The Philippines is unique among its neighbours in the South East Asian region in that the majority of Filipinos identify as Christian (92.5%). More specifically, 82.9% of the population identify as Catholic, 2.8% identify as Evangelical Christian, 2.3% identify as Iglesia ni Kristo and 4.5% identify with some other Christian denomination. Of the remaining population, 5.0% identify as Muslim, 1.8% identify with some other religion, 0.6% were unspecified and 0.1% identify with no religion. The Catholic Church and state were officially separated in the 1990s, yet Catholicism still plays an prominent role in political and societal affairs.
According to the 2011 Census, 78.6% of the Philippines-born population in Australia identify as Catholic. Of the remaining population, 3.5% identify as Christian (nfd), 2.7% identify as Pentecostal Christian, 2.6% identify as Baptist and 12.5% identify with ‘Other’.
Christianity in the Philippines
There continues to be a process of cultural adaptation and synthesis of Christianity into the local culture since the introduction of the religion into the Philippines. The denomination of Christianity that became most embedded in Filipino culture is Catholicism, which was introduced in the Philippines during the earlyperiod by the Spanish. Catholic ideas continue to inform beliefs throughout Filipino society such as the sanctity of life and respect for . As a branch of Christianity, Catholicism believes in the doctrine of God as the ‘Holy Trinity’, comprising of the Father, the Son and the Holy Spirit. Like most Catholics, many Filipinos accept the authority of the priesthood and the Roman Catholic Church, which is led by the Pope.
For many Filipinos, the time of ‘fiesta’ is an important event within the community. During the Catholic event of fiesta, the local community comes together to celebrate the special day of the patron saint of a town or ‘barangay’ (village). It is a time for feasting, bonding and paying homage to the patron saint. Houses are open to guests and plenty of food is served. The fiesta nearly always includes a Mass, but its primary purpose is a social gathering of the community. On a day-to-day level, Catholic iconography is evident throughout the Philippines. Indeed, it is common to find churches and and statues of various saints all throughout the country. Moreover, many towns and cities are named after saints (for example, San Miguel [‘Saint Michael’] located in Luzon and Santa Catalina [‘Saint Catherine’] located in Visayas).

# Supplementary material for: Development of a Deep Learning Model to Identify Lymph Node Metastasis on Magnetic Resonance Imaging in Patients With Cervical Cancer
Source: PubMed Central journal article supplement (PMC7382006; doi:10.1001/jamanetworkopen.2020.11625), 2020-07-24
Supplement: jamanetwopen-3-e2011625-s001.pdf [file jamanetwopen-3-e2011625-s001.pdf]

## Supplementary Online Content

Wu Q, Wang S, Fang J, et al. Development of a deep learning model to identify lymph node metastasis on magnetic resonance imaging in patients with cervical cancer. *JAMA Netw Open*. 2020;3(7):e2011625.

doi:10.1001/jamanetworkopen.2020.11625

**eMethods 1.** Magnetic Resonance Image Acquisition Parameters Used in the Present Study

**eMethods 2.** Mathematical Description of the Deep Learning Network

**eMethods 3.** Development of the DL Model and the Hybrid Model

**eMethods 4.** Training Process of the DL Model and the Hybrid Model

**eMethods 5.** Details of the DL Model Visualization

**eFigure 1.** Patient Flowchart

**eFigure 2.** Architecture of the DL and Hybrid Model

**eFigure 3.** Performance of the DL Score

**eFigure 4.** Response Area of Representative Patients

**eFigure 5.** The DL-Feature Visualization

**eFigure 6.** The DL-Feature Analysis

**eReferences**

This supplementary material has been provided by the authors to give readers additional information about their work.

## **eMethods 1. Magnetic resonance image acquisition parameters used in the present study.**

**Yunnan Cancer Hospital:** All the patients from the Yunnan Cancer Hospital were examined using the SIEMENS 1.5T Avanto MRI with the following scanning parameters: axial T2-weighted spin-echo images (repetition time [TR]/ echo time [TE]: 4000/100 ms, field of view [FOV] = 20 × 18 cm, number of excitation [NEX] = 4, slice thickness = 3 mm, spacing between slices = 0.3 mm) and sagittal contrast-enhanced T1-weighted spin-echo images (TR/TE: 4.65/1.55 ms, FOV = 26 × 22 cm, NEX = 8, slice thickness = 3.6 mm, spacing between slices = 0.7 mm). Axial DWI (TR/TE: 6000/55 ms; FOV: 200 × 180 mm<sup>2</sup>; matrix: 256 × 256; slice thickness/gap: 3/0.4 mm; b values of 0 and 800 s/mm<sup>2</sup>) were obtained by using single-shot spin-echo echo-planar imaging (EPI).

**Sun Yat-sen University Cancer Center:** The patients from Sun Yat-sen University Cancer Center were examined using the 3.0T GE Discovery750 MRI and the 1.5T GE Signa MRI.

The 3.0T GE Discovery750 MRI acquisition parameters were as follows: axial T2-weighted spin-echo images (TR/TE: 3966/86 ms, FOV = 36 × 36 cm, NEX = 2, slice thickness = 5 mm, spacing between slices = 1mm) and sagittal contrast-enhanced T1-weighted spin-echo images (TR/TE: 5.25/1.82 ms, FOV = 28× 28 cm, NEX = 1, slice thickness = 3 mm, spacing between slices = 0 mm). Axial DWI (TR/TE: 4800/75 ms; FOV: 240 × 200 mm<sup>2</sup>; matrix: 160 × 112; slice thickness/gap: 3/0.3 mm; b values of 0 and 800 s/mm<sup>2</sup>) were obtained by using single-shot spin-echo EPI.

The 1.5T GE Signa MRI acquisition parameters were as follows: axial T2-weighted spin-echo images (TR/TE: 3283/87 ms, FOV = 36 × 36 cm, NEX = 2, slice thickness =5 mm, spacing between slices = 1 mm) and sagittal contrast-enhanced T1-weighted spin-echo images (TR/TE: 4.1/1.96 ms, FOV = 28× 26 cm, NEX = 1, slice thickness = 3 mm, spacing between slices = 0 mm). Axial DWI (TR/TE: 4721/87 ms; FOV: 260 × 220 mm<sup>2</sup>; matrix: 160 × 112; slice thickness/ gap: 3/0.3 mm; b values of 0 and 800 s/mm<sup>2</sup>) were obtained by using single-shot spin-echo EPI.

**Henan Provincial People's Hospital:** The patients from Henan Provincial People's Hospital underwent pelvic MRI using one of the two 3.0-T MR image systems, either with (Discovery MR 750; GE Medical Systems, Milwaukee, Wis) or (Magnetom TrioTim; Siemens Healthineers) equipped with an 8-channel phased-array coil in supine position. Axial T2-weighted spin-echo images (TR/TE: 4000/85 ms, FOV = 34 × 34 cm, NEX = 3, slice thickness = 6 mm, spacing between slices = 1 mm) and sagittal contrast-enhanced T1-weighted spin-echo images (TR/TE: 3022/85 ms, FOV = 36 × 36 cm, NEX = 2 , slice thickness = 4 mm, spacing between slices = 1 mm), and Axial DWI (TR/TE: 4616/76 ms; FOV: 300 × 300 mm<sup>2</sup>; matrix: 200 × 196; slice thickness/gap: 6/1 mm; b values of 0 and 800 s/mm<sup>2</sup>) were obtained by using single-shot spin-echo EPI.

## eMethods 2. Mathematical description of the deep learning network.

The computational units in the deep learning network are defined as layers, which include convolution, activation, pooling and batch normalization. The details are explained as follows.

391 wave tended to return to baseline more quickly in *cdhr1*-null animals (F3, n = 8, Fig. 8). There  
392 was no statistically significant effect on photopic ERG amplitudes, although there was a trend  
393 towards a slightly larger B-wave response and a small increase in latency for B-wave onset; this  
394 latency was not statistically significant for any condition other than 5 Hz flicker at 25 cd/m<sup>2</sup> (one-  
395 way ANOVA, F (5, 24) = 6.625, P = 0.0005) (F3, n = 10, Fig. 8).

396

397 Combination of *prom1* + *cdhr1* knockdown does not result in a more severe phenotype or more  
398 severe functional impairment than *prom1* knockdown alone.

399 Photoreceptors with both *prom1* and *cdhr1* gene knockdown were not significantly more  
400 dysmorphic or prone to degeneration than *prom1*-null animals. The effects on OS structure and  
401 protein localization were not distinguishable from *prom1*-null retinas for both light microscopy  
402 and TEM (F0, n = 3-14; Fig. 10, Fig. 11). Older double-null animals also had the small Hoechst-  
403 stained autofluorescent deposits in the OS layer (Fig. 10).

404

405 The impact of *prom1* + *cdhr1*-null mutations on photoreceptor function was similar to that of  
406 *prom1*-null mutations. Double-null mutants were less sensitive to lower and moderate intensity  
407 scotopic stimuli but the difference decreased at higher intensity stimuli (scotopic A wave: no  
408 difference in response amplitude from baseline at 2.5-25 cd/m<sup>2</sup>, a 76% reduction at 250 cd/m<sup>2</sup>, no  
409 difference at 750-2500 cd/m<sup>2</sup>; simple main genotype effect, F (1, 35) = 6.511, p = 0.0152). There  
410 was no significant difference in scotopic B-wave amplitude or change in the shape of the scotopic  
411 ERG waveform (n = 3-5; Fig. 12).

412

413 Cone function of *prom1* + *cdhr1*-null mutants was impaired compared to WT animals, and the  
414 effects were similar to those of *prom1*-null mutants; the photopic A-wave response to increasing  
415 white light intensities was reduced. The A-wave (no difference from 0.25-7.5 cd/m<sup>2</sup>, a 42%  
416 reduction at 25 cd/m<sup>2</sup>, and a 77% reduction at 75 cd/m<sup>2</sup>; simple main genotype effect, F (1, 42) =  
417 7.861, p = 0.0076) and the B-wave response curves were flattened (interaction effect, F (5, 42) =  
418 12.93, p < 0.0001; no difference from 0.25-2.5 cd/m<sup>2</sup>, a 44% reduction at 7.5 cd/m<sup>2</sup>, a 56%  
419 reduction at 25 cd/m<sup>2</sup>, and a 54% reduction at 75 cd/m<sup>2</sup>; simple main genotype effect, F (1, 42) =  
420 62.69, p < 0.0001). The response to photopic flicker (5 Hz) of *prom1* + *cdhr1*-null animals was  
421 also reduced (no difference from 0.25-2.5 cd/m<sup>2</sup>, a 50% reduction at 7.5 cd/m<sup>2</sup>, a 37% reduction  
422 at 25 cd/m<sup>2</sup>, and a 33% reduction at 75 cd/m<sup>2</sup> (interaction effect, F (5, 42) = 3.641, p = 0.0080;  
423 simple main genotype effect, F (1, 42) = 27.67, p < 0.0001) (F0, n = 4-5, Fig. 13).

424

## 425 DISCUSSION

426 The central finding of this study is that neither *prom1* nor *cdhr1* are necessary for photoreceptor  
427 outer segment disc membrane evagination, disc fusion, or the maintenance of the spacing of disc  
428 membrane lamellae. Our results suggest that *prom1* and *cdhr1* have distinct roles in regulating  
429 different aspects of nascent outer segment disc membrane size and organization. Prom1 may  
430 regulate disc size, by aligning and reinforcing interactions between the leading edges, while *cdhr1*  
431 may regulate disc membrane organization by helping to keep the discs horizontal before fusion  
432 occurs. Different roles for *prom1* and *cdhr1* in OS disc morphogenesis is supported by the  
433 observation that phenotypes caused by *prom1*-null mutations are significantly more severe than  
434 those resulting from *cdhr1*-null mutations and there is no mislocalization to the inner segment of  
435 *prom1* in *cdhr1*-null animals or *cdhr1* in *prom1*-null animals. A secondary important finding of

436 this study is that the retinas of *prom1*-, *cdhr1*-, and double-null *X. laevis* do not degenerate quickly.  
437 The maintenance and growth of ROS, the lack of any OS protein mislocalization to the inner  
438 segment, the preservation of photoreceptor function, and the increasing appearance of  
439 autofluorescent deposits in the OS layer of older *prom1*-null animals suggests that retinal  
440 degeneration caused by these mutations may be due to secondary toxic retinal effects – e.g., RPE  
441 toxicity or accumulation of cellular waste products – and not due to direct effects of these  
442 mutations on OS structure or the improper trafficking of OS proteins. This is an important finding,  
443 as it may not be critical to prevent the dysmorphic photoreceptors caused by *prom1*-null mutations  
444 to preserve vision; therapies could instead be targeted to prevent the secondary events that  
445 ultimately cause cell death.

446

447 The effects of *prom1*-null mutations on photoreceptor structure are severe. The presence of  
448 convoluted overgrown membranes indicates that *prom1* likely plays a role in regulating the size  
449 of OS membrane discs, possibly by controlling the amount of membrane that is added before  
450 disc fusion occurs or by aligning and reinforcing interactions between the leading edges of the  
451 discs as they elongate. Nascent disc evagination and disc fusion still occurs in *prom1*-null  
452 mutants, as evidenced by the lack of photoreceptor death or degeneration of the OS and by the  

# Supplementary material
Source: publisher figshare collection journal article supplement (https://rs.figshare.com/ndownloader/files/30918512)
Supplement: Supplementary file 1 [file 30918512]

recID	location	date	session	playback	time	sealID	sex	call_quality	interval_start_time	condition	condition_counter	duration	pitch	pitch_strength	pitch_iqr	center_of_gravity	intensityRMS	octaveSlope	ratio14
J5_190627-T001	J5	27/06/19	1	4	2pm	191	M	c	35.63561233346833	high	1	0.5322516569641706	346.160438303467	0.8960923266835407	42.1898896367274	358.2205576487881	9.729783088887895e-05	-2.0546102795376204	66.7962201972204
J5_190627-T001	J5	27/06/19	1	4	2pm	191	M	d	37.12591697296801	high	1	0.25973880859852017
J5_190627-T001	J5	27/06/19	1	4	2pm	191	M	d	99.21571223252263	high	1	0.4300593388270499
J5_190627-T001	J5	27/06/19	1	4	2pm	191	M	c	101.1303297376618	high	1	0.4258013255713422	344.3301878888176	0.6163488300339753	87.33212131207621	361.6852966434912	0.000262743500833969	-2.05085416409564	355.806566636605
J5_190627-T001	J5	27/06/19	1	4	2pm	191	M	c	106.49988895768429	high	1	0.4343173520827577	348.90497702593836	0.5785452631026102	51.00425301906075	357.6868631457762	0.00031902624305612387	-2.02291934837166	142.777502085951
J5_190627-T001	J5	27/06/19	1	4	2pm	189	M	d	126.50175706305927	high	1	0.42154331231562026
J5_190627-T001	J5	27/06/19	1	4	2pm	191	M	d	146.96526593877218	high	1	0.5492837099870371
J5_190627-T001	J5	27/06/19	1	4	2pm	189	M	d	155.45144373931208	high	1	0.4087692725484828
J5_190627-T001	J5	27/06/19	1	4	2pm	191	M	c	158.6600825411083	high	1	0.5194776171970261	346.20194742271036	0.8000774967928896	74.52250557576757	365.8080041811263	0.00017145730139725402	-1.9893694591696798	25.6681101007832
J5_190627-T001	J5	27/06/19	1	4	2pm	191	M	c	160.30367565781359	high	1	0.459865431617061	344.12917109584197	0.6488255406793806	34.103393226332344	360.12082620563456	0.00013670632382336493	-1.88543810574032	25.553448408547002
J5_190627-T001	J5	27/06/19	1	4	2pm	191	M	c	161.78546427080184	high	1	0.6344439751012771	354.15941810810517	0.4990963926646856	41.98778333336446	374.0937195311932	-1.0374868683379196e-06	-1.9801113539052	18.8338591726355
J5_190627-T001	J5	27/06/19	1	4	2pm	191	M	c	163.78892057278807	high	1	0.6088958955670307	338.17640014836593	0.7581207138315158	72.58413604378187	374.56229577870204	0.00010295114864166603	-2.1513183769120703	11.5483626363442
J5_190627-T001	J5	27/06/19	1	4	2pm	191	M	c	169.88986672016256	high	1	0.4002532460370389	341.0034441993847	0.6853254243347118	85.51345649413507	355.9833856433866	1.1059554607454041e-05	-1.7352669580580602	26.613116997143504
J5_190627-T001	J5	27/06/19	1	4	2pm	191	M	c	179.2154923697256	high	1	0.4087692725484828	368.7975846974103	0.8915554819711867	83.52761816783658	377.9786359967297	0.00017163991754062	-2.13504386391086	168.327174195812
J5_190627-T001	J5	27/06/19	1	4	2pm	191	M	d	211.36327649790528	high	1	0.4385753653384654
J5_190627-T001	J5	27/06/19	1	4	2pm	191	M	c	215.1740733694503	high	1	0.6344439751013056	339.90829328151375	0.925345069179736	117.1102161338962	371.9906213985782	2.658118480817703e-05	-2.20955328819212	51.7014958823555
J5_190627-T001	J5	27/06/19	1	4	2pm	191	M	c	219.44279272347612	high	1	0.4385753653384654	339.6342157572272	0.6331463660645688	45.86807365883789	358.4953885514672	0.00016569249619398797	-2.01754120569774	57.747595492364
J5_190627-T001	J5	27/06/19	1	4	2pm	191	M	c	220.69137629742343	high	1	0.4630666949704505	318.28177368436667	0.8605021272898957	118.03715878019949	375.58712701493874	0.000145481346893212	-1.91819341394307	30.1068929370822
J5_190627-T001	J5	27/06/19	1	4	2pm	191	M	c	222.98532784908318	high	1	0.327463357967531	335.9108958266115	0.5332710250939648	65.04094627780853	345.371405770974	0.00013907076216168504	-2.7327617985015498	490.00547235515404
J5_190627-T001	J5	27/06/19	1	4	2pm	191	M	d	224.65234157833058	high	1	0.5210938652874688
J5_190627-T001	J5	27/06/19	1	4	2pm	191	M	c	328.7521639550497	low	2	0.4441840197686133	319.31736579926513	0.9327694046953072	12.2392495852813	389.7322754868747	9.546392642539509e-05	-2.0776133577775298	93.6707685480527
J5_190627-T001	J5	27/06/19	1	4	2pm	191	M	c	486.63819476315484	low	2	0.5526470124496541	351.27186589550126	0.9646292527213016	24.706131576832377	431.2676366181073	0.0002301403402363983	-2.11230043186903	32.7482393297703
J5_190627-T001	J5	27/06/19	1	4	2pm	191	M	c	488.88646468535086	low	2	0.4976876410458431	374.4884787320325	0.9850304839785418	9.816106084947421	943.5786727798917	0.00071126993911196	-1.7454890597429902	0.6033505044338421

In terms of other Christian denominations, there is a strong presence of Protestant traditions in the Philippines, in part due to the United Statesof the country. Many teachers from the United States were Protestants who were responsible for instituting and controlling the public education system of the country. As such, they had a strong influence over the Philippines, particularly with the dispersing of Protestant attitudes and beliefs. The Philippines also contains a number of Indigenous Christian Churches, such as the Iglesia Filipina Independiente (Independent Philippine Church) and Inglesia ni Kristo (Church of Christ). These churches are usually popular among the marginalised in society who feel disconnected from the Catholic Church.
Islam in the Philippines
Islam was introduced to the southern Philippines from neighbouring countries in Southeast Asia. The religion rapidly declined as the mainreligion in the Philippines when the Spanish entered the country. In present day Philippines, most of the Muslim population in the Philippines reside in the southern islands of Mindanao, Sulu and Palawan. Contemporary Muslim Filipino communities are often collectively known as Moros. Most Moros practice Sunni Islam, while a small minority practice Shi’a and Ahmadiyya. Like Catholicism, Islam in the Philippines has absorbed local elements, such as making offerings to spirits (diwatas). All Moros tend to share the fundamental beliefs of Islam, but the specific practices and rituals vary from one Moro group to another.